Compile and flash the firmware onto the ESP8266. Restart the ESP8266 module to let it run your custom code that we flashed.

There it is! The ESP8266 got it’s first token from yaaS!

Moto – "It’s so simple, even Nick can run it…”

Thanks Lars… Have you finished playing with Minecraft?…

So, what is Moto? Moto is the fourth prototype of our IoT series and again we’re shifting the focus of what we want demonstrate. When we built the Smart Wine Shelf, we concentrated on the customer experience. With Funky Retail we focused more on the analytics. Tiles was a step closer towards exploring the technological aspects around mobility. And now finally, with Moto we’re diving even further into the IoT technology and the possibilities it leverages to permanently reconfigure the prototypes functions.

IMG_2566[1]

The ‘active’ physical components of a Moto are a distance sensor, a turning platform, and a LED-ring. Moto connects to an Android app via BLE and uses the device as data hub. The components and their actions can be connected in any way that seems sensible, by the means of a programming tool called ‘Node-RED’. And exactly this the essence of Moto. ‘Node-RED’ allows users without special expertise in coding and programming (like Nick…) to configure an IoT-based system. The actual Moto and the actions taking place merely serve as an example. These actions are displayed in a web page UI through which they also can be triggered.

We’re deliberately not telling a specific business story around this prototype. Basically it’s a bit of plug & play for IoT.

Screen Shot 2015-06-05 at 4.08.13 PM Screen Shot 2015-06-03 at 11.12.29 AM

Screen Shot 2015-06-16 at 5.05.20 PM

Read the more techy posts on Moto here!

First Lego, now Minecraft. Yes, we love our bricks!

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It is continuously becoming more difficult to sustain a touch of seriousness here… Imagine one of your colleagues just finishing to play with Lego at his desk, when the next starts “working” with Minecraft and shares the fruits on the big screen in the office. Questions do arise… Okay, let’s try to explain.

Lars is currently exploring how IoT and SAP HANA fit together with a very simple approach. He’s measuring the room temperature in the office. Don’t laugh! This is serious stuff! Yeah okay, it does sound a bit ridiculous actually… but here goes: Lars connected a temperature sensor to a BeagleBone Black which sends the data to the SAP HANA Cloud Platform. From there it goes to a Raspberry PI that has Minecraft running on it and is connected to a TV. So much for the basic architecture. Here’s the idea: Lars wrote a script with which the temperature data can be displayed in a Minecraft landscape. Why? Because this is what it looks like in SAPUI5:

Screen Shot 2015-06-22 at 1.14.45 PM

Lars is planning to add mores sensors. Suggestions, anyone? Maybe even with a commerce related background…?

Making IoT visual. Using Node-RED for hybrislabs moto.

Our prototype ‘moto’ is just taking an interesting turn. It’s technically pretty robust, we’re finishing off some UI/product choice things and we asked ourselves: that’s it? While we’ve developed one story for each prototype so far, it seems we’re focusing on different, higher-level issues when it comes to IoT with moto. That’s the issue of how things are wired up, how things can interact and how existing configurations can quickly be changed.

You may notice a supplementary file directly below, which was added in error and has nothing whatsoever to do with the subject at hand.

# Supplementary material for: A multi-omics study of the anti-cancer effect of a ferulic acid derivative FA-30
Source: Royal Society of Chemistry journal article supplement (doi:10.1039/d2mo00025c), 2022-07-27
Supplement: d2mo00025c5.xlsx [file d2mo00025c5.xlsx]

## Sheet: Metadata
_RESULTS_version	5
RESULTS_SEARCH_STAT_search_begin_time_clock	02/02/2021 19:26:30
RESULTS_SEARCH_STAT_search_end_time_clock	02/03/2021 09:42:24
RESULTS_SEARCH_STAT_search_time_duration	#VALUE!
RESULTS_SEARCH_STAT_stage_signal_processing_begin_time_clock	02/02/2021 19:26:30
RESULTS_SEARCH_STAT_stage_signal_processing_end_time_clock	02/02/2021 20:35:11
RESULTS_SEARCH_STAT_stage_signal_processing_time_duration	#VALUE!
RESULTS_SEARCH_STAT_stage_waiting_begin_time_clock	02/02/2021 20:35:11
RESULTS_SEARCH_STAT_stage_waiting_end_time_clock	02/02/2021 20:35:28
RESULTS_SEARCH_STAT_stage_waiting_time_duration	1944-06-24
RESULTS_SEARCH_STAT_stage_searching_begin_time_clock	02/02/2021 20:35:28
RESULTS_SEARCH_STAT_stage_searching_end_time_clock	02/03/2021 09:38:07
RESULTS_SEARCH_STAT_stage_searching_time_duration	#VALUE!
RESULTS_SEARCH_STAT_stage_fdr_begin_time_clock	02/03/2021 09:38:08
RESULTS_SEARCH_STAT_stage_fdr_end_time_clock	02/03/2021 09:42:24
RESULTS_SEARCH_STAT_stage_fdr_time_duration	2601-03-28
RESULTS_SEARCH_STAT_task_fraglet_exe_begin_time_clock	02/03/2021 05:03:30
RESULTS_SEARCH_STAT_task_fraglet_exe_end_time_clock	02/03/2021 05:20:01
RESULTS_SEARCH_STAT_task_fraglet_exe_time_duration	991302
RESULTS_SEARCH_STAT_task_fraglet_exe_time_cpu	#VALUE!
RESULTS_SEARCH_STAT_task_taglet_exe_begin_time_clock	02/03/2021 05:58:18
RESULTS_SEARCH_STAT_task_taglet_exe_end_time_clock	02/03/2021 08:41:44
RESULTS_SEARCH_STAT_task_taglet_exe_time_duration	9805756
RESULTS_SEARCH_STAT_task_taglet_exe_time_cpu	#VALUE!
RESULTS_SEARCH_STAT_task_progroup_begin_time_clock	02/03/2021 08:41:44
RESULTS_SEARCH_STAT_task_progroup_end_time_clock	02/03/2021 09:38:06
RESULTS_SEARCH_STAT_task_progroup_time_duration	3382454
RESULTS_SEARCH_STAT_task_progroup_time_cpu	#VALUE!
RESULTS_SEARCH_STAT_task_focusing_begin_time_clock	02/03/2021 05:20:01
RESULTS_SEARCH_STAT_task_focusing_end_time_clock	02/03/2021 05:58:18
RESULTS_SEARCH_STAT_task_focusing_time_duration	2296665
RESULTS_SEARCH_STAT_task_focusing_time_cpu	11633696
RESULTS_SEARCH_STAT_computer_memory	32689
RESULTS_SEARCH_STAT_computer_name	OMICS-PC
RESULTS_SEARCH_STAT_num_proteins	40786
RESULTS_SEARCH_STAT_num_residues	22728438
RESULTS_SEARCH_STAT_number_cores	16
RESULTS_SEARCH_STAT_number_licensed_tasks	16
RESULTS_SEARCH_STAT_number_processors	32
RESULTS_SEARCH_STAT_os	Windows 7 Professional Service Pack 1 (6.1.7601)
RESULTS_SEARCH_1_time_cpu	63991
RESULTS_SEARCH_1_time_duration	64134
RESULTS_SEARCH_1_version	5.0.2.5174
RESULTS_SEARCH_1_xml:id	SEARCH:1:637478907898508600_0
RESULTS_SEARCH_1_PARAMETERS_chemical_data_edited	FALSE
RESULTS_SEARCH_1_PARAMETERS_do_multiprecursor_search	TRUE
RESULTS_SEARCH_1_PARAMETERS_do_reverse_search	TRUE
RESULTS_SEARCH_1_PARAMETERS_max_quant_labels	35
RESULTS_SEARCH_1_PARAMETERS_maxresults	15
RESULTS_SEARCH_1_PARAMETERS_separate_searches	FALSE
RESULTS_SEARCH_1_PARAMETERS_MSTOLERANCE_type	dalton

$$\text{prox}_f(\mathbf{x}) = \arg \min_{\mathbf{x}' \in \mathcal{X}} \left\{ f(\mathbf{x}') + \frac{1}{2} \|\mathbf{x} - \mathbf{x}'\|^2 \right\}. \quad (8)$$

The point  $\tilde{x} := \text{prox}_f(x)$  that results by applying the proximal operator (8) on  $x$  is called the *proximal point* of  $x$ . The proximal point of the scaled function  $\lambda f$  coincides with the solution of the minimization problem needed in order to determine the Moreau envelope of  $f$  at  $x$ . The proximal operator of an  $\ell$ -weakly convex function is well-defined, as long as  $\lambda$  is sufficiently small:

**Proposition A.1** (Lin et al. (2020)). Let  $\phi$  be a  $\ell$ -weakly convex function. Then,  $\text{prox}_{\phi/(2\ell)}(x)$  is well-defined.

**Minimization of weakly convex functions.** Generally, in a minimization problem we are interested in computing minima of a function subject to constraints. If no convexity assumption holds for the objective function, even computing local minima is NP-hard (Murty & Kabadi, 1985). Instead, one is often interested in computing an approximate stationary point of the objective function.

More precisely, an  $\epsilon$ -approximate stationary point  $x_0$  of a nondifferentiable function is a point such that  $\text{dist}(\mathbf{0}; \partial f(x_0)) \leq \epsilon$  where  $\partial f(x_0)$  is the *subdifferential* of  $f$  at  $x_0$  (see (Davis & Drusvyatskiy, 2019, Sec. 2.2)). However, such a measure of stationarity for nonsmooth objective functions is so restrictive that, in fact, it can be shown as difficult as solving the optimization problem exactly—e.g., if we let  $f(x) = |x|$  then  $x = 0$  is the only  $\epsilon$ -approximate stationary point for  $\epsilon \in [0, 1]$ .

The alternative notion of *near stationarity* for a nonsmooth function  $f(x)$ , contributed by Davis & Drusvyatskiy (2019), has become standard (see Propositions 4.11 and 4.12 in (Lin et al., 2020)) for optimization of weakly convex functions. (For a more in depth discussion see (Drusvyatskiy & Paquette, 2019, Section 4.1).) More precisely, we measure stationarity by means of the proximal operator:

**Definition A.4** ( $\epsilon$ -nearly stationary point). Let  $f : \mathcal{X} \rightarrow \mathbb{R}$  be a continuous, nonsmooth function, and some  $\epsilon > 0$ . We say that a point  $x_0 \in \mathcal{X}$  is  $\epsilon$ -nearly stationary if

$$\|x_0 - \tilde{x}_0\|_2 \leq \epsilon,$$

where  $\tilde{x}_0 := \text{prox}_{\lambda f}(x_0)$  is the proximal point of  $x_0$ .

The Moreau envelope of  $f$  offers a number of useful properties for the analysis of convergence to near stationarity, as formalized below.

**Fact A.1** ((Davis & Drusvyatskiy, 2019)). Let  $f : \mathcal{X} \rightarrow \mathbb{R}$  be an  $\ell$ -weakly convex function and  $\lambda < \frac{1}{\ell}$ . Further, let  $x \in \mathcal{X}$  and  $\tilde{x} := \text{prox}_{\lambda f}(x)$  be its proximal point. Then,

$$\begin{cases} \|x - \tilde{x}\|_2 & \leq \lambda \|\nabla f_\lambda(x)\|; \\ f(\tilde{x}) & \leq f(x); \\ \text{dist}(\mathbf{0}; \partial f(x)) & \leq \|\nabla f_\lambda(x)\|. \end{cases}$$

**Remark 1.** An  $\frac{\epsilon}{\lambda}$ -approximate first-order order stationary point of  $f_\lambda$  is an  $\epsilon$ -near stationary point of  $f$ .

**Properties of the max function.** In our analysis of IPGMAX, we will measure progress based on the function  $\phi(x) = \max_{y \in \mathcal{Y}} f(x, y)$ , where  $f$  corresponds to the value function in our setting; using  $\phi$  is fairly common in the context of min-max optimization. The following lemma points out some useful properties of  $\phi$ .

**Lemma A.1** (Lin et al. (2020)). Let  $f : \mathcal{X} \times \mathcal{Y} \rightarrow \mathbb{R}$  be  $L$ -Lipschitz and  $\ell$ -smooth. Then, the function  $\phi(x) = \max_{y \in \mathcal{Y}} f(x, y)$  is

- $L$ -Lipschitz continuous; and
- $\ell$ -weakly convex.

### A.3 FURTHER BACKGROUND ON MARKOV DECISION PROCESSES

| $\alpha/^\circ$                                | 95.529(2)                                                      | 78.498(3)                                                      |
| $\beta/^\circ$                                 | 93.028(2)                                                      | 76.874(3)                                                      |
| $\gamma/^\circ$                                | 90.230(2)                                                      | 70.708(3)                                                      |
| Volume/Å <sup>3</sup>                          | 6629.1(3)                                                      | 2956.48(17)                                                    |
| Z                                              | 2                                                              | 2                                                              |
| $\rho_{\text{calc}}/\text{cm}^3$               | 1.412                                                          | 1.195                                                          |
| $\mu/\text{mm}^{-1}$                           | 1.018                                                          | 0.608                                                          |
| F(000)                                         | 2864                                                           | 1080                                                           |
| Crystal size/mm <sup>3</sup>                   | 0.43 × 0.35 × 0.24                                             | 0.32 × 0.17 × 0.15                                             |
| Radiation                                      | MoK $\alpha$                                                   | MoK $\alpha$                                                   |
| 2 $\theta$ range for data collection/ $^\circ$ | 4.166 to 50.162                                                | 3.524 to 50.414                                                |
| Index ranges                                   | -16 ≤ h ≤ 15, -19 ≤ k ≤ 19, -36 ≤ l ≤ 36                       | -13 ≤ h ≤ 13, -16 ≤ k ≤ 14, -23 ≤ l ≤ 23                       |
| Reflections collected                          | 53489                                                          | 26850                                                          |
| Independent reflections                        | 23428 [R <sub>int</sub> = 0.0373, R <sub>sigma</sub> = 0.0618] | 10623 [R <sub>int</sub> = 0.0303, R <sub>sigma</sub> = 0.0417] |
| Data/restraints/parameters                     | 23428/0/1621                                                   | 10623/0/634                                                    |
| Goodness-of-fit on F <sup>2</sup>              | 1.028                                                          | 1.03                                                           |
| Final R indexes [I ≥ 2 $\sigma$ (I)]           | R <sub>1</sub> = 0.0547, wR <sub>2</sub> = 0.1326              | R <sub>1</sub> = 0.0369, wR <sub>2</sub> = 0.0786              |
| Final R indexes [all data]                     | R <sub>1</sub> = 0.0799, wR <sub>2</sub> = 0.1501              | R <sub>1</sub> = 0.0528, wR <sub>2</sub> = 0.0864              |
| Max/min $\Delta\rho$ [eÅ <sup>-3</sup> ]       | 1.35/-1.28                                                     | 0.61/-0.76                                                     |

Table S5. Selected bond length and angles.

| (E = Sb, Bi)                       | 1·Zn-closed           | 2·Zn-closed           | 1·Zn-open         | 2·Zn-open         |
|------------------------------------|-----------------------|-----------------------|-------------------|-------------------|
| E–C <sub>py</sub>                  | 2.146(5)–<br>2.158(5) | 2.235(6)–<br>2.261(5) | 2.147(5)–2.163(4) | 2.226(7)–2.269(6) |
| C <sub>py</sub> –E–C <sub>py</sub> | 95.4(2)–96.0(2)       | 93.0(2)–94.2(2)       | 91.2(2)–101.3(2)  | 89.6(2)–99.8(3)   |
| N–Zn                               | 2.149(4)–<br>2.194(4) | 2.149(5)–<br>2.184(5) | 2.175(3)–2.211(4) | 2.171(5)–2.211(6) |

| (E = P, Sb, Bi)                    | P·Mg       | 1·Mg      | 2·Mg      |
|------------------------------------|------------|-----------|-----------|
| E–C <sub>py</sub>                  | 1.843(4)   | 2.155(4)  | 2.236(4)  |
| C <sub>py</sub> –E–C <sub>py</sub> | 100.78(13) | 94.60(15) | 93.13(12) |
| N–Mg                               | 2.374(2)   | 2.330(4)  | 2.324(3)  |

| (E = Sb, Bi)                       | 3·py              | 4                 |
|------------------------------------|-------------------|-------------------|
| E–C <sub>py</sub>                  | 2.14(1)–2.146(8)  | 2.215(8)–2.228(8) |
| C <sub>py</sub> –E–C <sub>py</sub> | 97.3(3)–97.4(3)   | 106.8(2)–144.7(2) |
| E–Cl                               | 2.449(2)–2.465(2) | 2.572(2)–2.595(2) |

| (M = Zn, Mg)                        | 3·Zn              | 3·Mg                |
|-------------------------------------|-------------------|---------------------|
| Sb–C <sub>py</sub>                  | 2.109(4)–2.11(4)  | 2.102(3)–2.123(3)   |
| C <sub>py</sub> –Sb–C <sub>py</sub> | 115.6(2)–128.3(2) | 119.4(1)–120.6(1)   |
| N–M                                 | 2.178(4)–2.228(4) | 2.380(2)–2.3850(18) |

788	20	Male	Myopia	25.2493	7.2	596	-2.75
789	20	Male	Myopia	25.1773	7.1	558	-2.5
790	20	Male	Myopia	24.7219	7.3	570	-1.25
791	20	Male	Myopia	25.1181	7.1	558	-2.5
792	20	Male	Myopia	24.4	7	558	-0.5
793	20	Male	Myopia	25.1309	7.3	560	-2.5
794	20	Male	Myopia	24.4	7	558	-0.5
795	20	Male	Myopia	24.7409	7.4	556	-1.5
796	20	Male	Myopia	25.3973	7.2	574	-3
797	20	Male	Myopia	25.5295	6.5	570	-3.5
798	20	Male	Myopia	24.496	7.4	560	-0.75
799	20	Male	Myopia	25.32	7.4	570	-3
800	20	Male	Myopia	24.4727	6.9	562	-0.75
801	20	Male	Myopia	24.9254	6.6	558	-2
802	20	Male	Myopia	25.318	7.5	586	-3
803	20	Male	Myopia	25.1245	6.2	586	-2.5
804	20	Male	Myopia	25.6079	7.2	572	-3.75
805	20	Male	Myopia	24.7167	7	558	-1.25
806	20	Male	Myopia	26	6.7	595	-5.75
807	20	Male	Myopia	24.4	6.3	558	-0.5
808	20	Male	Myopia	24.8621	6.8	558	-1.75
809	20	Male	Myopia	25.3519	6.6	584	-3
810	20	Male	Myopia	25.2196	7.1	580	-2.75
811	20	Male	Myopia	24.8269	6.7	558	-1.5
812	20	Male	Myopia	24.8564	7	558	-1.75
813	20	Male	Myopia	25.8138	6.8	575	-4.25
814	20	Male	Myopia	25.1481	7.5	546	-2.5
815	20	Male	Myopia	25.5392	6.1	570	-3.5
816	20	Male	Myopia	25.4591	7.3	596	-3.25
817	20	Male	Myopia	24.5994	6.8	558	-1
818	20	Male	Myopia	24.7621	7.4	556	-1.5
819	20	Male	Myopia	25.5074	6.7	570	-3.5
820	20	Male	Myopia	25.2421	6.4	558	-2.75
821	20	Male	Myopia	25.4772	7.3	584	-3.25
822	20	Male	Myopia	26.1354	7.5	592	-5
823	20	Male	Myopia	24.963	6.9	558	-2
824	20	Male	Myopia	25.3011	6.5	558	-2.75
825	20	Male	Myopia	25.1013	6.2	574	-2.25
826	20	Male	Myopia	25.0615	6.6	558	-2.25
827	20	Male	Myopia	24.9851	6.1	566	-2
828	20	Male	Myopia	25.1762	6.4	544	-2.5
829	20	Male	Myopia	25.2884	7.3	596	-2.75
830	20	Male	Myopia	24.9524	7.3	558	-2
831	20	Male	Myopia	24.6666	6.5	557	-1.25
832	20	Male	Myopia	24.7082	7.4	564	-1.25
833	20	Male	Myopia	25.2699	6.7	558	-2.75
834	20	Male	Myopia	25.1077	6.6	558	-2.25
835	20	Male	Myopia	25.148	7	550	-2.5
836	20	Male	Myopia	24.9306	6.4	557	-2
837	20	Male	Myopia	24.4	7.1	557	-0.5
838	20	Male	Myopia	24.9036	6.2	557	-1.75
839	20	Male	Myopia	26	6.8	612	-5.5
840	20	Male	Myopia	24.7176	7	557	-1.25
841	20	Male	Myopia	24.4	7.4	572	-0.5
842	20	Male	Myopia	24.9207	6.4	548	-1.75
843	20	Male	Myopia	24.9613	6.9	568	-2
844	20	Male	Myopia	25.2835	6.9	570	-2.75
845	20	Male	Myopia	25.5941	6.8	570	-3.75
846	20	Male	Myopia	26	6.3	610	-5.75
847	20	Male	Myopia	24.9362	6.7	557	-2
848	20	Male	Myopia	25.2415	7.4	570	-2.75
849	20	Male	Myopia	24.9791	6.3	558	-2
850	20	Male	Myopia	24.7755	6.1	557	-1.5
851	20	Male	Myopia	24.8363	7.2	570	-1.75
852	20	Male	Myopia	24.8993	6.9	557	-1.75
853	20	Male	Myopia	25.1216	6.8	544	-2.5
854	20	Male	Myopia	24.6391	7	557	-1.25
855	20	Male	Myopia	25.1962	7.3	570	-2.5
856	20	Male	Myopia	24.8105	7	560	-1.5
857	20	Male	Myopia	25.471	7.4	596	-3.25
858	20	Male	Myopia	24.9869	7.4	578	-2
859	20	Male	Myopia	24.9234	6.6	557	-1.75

So instead of one story, we’ll have many stories for moto. It will stay interesting, from a technical perspective, too. But the real story is: using Node-RED extensions, we’re able to rewire the logic of moto very quickly. And: it’s a tool for business-users. No hardwired setup.

IMG_20150601_173538 (1)

Just like most other IoT-focused prototypes that we have (Wine Shelf, Funky Retail, Tiles), Moto also has a REST-based web API to control the light and motion. As well as a webhooks-based system to communicate with the outer world. But because moto is also built around MQTT (just like funky retail), it is easy to extend. With Node-RED and MQTT, we have a direct hook into the core messaging system of our IoT prototype. And we’re using the extensions we’re currently working on to make the commands and events easy to wire up. Take a look at a very simple example:

Screen Shot 2015-06-05 at 4.08.13 PM

 

Here, a node triggers every 5 seconds. It will first hit the ‘red, slow, counter-clockwise’ node and the connected moto (here #2) will begin to turn red and slowly rotate counter-clockwise. After a delay of 2sec, it will turn green, move clockwise and fast. And finally after another 1 sec delay it turns off the motor and the LEDs turn white. It then starts over again.

We’re just having the first successes with Node-RED, but it looks very promising to become the brain of our prototypes. It might be smart move, as others (e.g. non-technical people, the business guys, the guys with the smart stories) can rewire moto in whatever flavor they want.

Next up in tech are the input nodes, e.g. moto can send presence events that can start interactions.

Just to wrap up, another example where we took the current temperature in Munich, converted that into a moto command and send it to moto for displaying the temperature via light:

Screen Shot 2015-06-03 at 11.12.29 AM

Let us know what you think!